Over that period of the D-League history, three of the teams in the league had been sold to NBA franchises. The Los Angeles Lakers bought the Los Angeles D-Fenders; the San Antonio Spurs purchased the Austin Toros and the Oklahoma City Thunder acquired the Tulsa 66ers. For the first time in D-League history, teams were single affiliated with an NBA franchise which allowed the franchise to install the big league offensive and defensive schemes at the minor league level and really develop their D-League assignees in a targeted fashion. It just so happened that the teams these three franchises bought were located close to the parent team's city.

Say goodbye to the bouncy castle, children of Erie. The Orlando Magic don't care.
Then in 2010, something different happened. Donnie Nelson, an executive with the Dallas Mavericks and son of legendary NBA coach Don Nelson, moved the Colorado 14ers (he had bought the defunct franchise a year prior) to Frisco, Texas, just a little more than 25 miles from Dallas and the Mavericks became exclusively aligned with the minor league franchise. This was different than a team buying a local team and keeping it in the city where it was before the purchase. Now, an NBA team had moved a D-League franchise to be super close to the NBA team's home.

It caught on. Two years later the Golden State Warriors purchased the Dakota Wizards, a team that had been playing in Bismarck, North Dakota since 1995 (!!) and moved them to Santa Cruz, because they needed a team closer to them so they could develop their young players. 17 years in one place and then poof! Gone!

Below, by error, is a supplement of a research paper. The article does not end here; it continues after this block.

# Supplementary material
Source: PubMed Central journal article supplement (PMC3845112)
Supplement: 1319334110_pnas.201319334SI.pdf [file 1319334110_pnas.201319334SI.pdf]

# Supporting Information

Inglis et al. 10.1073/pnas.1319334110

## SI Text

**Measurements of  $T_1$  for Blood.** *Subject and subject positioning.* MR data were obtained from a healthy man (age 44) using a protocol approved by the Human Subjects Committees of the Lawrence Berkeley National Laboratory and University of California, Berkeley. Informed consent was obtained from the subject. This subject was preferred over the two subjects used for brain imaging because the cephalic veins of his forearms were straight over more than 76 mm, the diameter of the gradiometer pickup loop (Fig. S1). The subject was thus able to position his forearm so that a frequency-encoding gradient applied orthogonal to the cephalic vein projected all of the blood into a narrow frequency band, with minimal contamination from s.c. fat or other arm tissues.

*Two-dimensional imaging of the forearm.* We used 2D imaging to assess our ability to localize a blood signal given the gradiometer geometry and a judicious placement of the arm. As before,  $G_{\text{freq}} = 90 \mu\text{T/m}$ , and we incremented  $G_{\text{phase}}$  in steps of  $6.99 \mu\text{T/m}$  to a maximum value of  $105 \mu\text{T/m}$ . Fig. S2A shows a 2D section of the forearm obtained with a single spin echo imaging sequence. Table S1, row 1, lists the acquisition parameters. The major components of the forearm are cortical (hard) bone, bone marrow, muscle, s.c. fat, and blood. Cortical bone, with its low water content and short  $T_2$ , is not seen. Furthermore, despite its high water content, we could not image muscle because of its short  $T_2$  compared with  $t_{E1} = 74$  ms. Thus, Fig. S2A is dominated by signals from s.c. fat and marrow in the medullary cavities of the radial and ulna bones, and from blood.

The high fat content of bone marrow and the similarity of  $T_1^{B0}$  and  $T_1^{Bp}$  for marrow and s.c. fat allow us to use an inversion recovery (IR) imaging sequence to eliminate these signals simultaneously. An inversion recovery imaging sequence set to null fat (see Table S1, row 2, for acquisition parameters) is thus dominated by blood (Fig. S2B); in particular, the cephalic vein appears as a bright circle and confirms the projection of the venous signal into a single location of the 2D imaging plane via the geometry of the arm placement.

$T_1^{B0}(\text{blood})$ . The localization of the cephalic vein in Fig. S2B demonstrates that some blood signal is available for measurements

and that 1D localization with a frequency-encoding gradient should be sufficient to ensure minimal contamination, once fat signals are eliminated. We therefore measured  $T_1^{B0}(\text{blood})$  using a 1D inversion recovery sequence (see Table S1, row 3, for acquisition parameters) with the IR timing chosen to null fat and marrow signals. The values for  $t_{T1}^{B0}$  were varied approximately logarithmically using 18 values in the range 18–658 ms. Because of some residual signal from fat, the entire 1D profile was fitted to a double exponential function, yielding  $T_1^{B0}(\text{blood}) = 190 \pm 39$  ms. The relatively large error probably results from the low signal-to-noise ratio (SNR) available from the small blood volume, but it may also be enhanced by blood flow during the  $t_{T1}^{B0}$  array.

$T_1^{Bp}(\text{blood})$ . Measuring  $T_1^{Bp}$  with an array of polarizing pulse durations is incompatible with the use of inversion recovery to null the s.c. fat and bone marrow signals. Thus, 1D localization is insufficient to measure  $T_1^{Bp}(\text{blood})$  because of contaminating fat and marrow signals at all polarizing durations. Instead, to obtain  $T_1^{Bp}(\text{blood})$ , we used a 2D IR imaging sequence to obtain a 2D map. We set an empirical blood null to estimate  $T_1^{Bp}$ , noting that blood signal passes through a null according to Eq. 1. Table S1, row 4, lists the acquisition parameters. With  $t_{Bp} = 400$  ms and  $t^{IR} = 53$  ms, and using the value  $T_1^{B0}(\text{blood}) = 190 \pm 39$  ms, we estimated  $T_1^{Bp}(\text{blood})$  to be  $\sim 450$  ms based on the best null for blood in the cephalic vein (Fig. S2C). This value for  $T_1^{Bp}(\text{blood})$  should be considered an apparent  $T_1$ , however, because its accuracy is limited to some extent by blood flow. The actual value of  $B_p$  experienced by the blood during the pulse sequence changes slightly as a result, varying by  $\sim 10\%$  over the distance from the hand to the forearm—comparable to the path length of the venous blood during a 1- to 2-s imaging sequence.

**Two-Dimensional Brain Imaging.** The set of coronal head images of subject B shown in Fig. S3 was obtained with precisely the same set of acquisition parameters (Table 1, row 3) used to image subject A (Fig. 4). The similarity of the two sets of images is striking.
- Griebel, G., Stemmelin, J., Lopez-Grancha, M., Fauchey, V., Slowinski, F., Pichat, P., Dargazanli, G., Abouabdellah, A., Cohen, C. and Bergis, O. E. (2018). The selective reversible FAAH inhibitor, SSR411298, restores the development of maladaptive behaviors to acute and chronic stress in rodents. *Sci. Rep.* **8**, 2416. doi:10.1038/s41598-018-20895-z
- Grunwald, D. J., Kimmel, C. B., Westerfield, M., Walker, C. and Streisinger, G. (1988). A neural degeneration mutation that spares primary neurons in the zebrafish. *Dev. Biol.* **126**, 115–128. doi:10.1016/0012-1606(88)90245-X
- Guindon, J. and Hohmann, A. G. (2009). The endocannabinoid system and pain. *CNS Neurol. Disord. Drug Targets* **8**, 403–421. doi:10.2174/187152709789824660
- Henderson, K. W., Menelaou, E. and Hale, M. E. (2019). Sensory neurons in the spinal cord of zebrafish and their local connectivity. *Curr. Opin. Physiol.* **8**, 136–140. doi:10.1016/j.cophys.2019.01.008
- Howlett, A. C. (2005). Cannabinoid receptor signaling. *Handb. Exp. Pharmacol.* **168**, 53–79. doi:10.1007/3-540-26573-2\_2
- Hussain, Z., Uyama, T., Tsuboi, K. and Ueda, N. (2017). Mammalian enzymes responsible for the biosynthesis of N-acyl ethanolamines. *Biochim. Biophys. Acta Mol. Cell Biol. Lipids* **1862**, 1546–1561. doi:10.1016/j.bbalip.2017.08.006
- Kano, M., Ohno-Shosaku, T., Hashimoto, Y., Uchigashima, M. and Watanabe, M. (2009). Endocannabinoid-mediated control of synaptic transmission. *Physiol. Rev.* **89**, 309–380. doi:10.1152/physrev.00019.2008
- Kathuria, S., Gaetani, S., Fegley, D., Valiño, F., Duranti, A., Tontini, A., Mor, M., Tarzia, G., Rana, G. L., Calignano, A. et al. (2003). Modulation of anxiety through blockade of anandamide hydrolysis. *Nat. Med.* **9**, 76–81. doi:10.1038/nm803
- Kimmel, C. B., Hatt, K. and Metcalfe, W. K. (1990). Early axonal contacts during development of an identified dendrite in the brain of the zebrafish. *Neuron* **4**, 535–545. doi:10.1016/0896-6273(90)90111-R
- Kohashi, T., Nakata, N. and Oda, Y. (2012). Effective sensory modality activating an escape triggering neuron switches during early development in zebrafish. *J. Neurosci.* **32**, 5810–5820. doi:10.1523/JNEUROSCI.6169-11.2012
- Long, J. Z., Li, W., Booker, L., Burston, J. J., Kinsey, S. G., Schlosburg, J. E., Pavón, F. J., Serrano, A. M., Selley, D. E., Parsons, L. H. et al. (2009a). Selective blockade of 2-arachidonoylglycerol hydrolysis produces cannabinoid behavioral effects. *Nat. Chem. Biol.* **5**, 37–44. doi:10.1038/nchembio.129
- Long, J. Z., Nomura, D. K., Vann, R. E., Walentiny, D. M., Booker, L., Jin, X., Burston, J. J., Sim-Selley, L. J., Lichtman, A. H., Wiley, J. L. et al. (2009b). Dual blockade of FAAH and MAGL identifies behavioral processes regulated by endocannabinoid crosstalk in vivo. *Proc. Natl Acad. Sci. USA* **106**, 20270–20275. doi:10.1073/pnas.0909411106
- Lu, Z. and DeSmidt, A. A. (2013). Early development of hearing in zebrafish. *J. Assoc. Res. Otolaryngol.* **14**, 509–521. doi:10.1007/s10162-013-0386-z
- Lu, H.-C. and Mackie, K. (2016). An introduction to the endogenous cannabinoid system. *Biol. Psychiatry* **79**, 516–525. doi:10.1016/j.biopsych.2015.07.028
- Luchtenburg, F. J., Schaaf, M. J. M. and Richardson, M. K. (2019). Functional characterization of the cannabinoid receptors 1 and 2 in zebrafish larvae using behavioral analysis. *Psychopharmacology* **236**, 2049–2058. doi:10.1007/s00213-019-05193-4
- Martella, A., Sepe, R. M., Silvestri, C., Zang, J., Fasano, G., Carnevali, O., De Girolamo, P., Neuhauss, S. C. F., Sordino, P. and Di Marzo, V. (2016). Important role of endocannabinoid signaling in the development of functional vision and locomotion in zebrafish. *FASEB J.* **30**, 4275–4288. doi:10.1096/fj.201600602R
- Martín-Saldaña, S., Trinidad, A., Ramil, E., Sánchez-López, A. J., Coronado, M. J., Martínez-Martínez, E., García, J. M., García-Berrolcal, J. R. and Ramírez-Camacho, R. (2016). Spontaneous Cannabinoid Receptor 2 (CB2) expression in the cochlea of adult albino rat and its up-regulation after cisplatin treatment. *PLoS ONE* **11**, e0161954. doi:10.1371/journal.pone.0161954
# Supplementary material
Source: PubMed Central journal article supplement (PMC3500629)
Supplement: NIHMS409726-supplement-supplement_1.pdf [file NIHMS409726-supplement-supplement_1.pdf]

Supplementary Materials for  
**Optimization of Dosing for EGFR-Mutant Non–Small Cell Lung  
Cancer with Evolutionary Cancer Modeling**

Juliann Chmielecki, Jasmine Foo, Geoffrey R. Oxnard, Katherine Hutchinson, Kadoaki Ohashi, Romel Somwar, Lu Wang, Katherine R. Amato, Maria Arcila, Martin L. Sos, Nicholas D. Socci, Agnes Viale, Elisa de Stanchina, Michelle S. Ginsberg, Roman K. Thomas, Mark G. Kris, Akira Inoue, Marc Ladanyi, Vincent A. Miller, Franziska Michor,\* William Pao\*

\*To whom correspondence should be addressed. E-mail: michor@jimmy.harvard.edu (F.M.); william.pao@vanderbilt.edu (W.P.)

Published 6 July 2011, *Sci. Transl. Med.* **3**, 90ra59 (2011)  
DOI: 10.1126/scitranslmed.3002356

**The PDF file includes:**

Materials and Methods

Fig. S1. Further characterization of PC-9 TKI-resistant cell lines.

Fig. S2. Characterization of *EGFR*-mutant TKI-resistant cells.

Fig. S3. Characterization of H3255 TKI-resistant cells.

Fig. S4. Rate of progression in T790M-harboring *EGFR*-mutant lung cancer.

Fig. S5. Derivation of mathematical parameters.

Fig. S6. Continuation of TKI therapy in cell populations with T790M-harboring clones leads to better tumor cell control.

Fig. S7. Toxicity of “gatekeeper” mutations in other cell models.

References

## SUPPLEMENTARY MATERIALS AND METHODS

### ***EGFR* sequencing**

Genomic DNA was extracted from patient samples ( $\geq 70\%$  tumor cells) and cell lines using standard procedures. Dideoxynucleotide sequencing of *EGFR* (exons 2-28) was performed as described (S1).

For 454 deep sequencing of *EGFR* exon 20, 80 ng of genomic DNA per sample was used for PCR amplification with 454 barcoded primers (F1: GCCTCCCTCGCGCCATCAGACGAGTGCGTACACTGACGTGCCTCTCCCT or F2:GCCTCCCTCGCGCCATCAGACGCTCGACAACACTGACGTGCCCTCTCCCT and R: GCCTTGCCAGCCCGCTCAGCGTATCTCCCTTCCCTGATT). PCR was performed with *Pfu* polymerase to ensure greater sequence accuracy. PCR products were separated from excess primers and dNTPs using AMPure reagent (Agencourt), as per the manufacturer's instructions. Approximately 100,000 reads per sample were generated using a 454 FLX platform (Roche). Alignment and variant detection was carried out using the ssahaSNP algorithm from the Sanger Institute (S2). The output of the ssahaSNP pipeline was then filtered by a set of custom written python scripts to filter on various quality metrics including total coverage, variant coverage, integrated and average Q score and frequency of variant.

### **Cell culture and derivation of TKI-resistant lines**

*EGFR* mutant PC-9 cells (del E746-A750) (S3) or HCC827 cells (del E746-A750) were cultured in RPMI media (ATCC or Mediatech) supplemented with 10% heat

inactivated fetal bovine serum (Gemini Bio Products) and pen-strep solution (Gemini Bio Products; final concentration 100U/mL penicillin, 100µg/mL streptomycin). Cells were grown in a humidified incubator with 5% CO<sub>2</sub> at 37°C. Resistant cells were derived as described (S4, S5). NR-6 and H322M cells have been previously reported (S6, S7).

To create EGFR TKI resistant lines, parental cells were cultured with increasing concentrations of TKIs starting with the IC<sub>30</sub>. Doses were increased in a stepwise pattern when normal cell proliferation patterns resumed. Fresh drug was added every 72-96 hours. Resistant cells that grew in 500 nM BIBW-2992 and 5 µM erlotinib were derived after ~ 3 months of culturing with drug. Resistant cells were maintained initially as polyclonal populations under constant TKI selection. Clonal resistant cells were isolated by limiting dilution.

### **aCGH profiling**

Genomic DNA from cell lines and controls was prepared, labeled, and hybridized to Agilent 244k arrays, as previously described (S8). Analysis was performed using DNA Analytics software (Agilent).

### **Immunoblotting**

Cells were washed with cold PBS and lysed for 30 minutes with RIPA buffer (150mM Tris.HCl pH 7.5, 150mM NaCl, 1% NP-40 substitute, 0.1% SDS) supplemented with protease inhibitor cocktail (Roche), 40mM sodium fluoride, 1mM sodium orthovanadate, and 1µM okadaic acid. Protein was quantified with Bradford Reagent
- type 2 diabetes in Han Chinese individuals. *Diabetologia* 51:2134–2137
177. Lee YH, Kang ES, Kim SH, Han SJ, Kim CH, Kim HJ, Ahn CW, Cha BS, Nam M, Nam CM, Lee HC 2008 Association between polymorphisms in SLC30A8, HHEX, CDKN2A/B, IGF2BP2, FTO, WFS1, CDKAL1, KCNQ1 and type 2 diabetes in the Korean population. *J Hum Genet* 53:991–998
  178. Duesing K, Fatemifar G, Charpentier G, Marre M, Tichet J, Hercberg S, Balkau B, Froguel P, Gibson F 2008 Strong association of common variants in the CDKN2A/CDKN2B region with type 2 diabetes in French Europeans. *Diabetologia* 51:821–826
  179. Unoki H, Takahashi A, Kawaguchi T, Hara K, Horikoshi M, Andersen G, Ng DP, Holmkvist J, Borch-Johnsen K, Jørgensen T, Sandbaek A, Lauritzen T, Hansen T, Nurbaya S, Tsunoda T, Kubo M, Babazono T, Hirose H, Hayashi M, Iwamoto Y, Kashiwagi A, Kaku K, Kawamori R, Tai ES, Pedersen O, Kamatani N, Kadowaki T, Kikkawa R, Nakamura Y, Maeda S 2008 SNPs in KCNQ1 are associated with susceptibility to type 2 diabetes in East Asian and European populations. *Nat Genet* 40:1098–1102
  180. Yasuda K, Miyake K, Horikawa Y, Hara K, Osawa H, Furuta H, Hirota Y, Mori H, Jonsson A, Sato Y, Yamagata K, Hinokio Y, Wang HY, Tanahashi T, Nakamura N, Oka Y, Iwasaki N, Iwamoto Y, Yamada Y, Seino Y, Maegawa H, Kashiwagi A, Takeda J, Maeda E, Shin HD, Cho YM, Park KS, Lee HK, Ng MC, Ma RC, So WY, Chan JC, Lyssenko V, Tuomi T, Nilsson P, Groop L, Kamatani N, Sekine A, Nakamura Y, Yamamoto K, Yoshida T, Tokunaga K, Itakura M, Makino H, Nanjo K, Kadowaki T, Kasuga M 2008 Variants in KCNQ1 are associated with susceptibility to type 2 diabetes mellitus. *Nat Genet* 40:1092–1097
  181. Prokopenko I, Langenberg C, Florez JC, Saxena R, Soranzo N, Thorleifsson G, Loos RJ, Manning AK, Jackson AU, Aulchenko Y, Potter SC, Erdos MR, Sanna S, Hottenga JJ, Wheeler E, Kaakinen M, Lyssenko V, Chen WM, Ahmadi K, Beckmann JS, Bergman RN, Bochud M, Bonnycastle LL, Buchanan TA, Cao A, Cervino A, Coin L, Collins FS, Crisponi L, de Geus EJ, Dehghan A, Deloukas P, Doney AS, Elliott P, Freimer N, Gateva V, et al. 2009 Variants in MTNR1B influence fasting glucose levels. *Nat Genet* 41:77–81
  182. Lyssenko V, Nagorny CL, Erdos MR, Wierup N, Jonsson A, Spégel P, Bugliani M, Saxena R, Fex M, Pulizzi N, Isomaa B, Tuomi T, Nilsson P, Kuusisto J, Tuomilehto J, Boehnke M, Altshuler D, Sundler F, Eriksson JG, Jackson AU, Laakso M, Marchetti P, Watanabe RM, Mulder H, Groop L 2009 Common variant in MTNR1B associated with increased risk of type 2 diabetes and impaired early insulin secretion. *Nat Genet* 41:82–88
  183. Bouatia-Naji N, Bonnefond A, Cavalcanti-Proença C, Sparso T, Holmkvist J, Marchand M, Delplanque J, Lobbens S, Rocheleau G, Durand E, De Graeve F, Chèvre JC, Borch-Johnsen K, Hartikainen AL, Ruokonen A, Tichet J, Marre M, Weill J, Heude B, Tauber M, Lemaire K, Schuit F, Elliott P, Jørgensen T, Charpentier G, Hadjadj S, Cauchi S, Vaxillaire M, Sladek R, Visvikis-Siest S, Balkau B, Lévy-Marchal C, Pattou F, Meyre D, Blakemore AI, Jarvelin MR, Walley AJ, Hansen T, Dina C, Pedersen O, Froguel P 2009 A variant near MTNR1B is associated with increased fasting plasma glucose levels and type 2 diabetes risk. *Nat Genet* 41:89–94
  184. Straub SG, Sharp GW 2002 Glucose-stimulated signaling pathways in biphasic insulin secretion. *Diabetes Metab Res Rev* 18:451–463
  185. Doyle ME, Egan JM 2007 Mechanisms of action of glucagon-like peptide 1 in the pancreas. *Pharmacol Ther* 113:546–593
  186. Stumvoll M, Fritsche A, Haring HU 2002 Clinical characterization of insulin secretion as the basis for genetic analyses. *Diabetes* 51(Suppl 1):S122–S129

The race was on. Springfield Armor? Sold to the Detroit Pistons and moved to Grand Rapids, Michigan in 2014. Bakersfield (CA) Jam? Property of the Phoenix Suns and relocated to Arizona as the Northern Arizona Suns (yawn name!). What about the Idaho Stampede, another CBA-era team? Moved to Salt Lake City by the Utah Jazz. Then this season the Reno Bighorns became the property of the Sacramento Kings with a promise to move them closer to Sacto. Finally (although not really) it was the Erie Bayhawks' turn on December 14 of last year: moving to Lakeland, Florida effective 2017. 

Next year there will be no pro hoops in Erie, Pennsylvania. I'm sure not many people really care about that. I'm pretty sure the Orlando Magic don't care much at all. But I've been to Erie on a game night (as I had been to Springfield three seasons prior) and I've seen people from parking garages and restaurants and bars make their way to the Erie Insurance Arena to cheer on their Bayhawks. This stuff matters, folks. And right now the NBA teams are focusing all their energy on moving local franchises as close to their home arenas as possible. And I don't hold with it.

As of the beginning of the 2017-2018 NBA Development League season, there will be just three D-League teams located more than 150 miles from their parent clubs: the Rio Grande Valley Vipers (about 350 miles from Houston); the Iowa Energy (600 or so miles from Memphis); and the Sioux Falls Skyforce (more than 1,000 miles from Miami). Watch out Sioux Falls; you are probably going to lose your team at some point very soon.

I loved visiting Erie for an afternoon and evening. The Bayhawks, despite giving up an early and seemingly insurmountable lead to the visiting Westchester Knicks fought back hard (with maybe a little help from the refs) and had a chance to win it at the end. Despite the bottom of the league status of the team, the Bayhawks' faithful (including me, sometimes between bites of the arena's poutine) made a ton of noise for the team that night. Next year, it troubles me that those same fans won't have a team to root for. I think it's great that the NBA Development League is evolving into a true minor league; I'm just not happy about the effects on small cities like Erie.

Poutine in Erie. Way better than Verizon Center's version of a couple of years ago. Closer to Canada, eh.